Generally, a constitutional challenge to a statute must be asserted in the trial court to be considered on appeal. Tex.R.App. P. 33.1(a); Norris v. State, 902 S.W.2d 428, 446 (Tex.Crim.App.1995). Constitutional rights, including the rights of due process and due course of law, may be waived if the proper request, objection, or motion is not asserted in the trial court. See Solis v. State, 945 S.W.2d 300, 301 (Tex.App.-Houston [1st Dist.] 1997, pet. ref'd) (noting that almost every constitutional and statutory right may be waived by failing to object in trial court). However, there are two exceptions. First, appellate courts will address questions involving the constitutionality of the statute upon which a defendant's conviction is based, even when such issues are raised for the first time on appeal. Rabb v. State, 730 S.W.2d 751, 752 (Tex.Crim.App.1987). Second, an appellant does not waive error if he fails to raise a facial constitutional challenge to a statute at trial. Briggs v. State, 789 S.W.2d 918, 924 (Tex.Crim.App.1990). A facial challenge claims that a statute is “invalid in toto-and therefore incapable of any valid application.” Steffel v. Thompson, 415 U.S. 452, 474, 94 S.Ct. 1209, 1223, 39 L.Ed.2d 505 (1974).
As Applied Challenge
Appellant argues that article 64.03(a)(2)(A) violates the United States and Texas Constitutions as applied because the statute prohibits him from seeking post-conviction DNA testing relevant to the punishment phase of his trial, and, therefore, he is deprived of a meaningful remedy to challenge his punishment.
Appellant failed to object in the trial court to article 64.03(a) as being unconstitutional as applied under either the United States or Texas Constitutions. An as applied constitutional challenge to a statute is waived if it is not asserted at the trial court level. See Briggs, 789 S.W.2d. at 924. Accordingly, appellant has not preserved this issue for appellate review. See Tex.R.App. P. 33.1(a)(1).
We overrule point of error one.
In point of error two, appellant argues that article 64.03(a)(2)(A) is facially unconstitutional under the United States and Texas Constitutions because it only permits post-conviction DNA testing when the evidence is relevant to the guilt phase rather than the punishment phase of a trial, and, therefore, it does not give all convicted persons a meaningful remedy to challenge their punishments.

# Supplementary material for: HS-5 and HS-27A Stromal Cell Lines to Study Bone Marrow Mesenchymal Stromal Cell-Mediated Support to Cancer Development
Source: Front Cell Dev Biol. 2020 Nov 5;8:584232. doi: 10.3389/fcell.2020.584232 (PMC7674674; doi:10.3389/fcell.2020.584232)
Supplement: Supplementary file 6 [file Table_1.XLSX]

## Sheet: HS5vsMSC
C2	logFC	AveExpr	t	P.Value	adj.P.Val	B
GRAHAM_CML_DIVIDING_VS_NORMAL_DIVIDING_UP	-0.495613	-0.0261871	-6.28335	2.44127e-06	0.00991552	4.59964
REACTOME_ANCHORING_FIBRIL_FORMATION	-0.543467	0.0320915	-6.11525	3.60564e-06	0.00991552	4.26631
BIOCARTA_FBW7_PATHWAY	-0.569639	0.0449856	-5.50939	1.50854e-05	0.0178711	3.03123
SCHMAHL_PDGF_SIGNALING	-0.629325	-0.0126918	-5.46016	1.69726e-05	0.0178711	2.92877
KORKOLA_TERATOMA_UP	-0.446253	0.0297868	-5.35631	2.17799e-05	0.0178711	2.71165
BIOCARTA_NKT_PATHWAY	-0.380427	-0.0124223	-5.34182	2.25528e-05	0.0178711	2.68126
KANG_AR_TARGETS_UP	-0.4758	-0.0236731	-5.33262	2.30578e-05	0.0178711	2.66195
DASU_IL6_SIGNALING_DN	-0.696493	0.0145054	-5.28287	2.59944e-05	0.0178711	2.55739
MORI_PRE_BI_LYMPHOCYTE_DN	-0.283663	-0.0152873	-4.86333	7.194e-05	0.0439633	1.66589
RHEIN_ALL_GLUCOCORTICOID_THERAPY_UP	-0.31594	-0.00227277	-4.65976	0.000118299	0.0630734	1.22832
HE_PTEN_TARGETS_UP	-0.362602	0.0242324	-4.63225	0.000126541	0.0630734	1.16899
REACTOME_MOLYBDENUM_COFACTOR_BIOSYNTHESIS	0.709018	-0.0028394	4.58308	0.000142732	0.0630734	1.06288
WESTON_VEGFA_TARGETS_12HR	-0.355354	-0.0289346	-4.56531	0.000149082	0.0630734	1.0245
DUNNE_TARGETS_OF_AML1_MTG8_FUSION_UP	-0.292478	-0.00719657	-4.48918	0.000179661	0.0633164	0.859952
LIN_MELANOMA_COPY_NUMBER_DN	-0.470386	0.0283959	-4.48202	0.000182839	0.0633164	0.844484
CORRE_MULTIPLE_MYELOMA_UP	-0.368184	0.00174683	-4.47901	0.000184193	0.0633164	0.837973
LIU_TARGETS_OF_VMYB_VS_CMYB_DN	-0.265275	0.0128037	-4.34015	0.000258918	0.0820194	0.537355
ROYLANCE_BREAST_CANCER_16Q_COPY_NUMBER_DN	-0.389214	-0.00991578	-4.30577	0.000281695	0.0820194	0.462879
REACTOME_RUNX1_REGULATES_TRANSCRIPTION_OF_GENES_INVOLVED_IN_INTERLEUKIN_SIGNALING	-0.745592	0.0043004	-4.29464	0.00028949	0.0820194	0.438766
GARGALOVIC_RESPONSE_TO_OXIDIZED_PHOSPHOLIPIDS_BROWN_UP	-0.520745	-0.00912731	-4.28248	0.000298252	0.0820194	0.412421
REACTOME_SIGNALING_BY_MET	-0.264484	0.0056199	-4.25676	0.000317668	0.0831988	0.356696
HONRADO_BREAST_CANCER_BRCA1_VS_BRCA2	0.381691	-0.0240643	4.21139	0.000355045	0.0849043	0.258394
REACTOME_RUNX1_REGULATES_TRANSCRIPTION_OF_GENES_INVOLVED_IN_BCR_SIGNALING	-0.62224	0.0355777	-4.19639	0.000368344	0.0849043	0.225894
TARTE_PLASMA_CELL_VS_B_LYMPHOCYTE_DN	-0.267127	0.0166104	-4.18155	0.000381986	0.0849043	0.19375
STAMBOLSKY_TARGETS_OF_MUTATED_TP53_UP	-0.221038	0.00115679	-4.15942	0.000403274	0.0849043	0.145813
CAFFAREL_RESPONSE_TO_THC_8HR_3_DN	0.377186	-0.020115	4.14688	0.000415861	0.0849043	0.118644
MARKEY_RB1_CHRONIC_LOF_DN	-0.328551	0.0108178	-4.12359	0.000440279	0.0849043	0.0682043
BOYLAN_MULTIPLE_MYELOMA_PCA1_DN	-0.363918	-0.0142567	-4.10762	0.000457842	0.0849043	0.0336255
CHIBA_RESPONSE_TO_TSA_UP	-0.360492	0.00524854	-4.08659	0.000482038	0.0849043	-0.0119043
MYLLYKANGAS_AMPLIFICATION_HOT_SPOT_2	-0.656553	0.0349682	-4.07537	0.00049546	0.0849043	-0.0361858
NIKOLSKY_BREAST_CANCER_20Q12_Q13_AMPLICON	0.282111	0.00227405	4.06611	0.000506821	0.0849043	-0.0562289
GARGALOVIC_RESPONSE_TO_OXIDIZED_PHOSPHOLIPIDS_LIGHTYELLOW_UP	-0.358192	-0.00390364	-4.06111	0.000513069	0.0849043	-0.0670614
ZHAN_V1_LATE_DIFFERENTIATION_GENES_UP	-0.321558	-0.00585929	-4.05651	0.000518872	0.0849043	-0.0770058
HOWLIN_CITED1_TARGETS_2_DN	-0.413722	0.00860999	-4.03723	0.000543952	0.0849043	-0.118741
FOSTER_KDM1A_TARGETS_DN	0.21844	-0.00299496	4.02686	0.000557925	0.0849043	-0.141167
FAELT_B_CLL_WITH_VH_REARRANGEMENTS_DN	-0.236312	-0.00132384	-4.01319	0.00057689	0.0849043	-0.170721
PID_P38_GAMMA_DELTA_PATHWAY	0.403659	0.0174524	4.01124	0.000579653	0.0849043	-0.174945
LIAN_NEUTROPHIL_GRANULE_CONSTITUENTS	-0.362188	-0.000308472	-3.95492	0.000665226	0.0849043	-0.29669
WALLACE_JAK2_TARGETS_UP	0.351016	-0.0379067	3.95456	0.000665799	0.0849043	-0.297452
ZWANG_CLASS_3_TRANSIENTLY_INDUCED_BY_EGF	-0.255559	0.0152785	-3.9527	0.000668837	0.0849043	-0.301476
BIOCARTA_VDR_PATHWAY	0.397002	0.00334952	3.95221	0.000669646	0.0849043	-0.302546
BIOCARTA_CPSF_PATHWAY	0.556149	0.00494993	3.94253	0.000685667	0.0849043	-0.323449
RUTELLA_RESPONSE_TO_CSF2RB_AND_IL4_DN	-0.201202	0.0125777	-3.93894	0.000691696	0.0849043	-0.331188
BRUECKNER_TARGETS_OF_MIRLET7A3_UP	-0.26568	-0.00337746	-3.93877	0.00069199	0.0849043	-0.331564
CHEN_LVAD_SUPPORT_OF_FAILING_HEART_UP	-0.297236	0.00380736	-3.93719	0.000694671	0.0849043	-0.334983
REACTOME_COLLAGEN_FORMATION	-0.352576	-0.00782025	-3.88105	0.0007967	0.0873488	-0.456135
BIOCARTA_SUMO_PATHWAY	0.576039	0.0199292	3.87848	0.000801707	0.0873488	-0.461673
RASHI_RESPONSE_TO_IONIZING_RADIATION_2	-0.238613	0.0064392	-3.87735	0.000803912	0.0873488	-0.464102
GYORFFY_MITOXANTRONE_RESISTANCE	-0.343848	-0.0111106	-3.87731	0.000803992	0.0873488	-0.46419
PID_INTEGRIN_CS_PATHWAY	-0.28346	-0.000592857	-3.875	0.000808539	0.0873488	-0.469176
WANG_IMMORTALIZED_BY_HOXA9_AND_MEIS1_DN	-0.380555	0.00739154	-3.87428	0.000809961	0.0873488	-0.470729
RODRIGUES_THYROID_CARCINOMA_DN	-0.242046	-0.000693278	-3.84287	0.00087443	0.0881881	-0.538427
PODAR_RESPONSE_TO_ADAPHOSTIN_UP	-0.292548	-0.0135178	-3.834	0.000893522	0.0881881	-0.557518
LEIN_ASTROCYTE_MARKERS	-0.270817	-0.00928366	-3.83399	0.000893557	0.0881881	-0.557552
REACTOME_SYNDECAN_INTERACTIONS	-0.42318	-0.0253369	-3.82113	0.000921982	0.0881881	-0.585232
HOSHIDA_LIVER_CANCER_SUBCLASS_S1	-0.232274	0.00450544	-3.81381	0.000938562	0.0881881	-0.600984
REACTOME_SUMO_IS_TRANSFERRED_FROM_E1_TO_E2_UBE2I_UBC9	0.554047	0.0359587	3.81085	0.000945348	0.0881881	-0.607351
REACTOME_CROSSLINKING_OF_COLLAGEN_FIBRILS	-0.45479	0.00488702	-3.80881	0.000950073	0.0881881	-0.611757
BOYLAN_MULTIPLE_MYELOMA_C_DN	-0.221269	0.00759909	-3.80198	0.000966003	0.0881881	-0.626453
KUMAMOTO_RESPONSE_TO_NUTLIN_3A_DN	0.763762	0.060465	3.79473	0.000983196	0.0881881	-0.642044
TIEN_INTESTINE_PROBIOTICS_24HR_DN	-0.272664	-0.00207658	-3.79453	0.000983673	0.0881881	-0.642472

A facial challenge to a statute is the most difficult challenge to mount successfully because the challenger must establish that no set of circumstances exists under which the statute will be valid. See Santikos v. State, 836 S.W.2d 631, 633 (Tex.Crim.App.1992). In this case, appellant's facial challenge fails for the simple reason that the United States Constitution does not require the State to provide post-conviction DNA testing to any convicted person. See Kutzner v. Montgomery Co., 303 F.3d 339, 340 (5th Cir.2002); Harvey v. Horan, 278 F.3d 370, 375-76 (4th Cir.2002). Furthermore, appellant cites no authority for the existence of this requirement under the Texas Constitution. In fact, the Texas Constitution provides that appellate review of criminal convictions may be limited by the legislature. See Henderson v. State, 132 S.W.3d 112, 114 (Tex.App.-Dallas 2004, no pet.). Accordingly, appellant cannot establish that the statute operates unconstitutionally as to all convicted persons.
We overrule point of error two.
We affirm the trial court's order.
1. Article 64.03(a) provides in pertinent part that:(a) A convicting court may order forensic DNA testing under this chapter only if:(1) the court finds that:(A) the evidence:(i) still exists and is in a condition making DNA testing possible; and(ii) has been subjected to a chain of custody sufficient to establish that it has not been substituted, tampered with, replaced, or altered in any material respect; and(B) identity was or is an issue in the case; and(2) the convicted person establishes by a preponderance of the evidence that:(A) the person would not have been convicted if exculpatory results had been obtained through DNA testing; and(B) the request for the proposed DNA testing is not made to unreasonably delay the execution of sentence or the administration of justice.Tex.Code Crim. Proc. Ann. art. 64.03(a) (Vernon Supp.2004-2005) (emphasis added).
GEORGE C. HANKS, JR., Justice.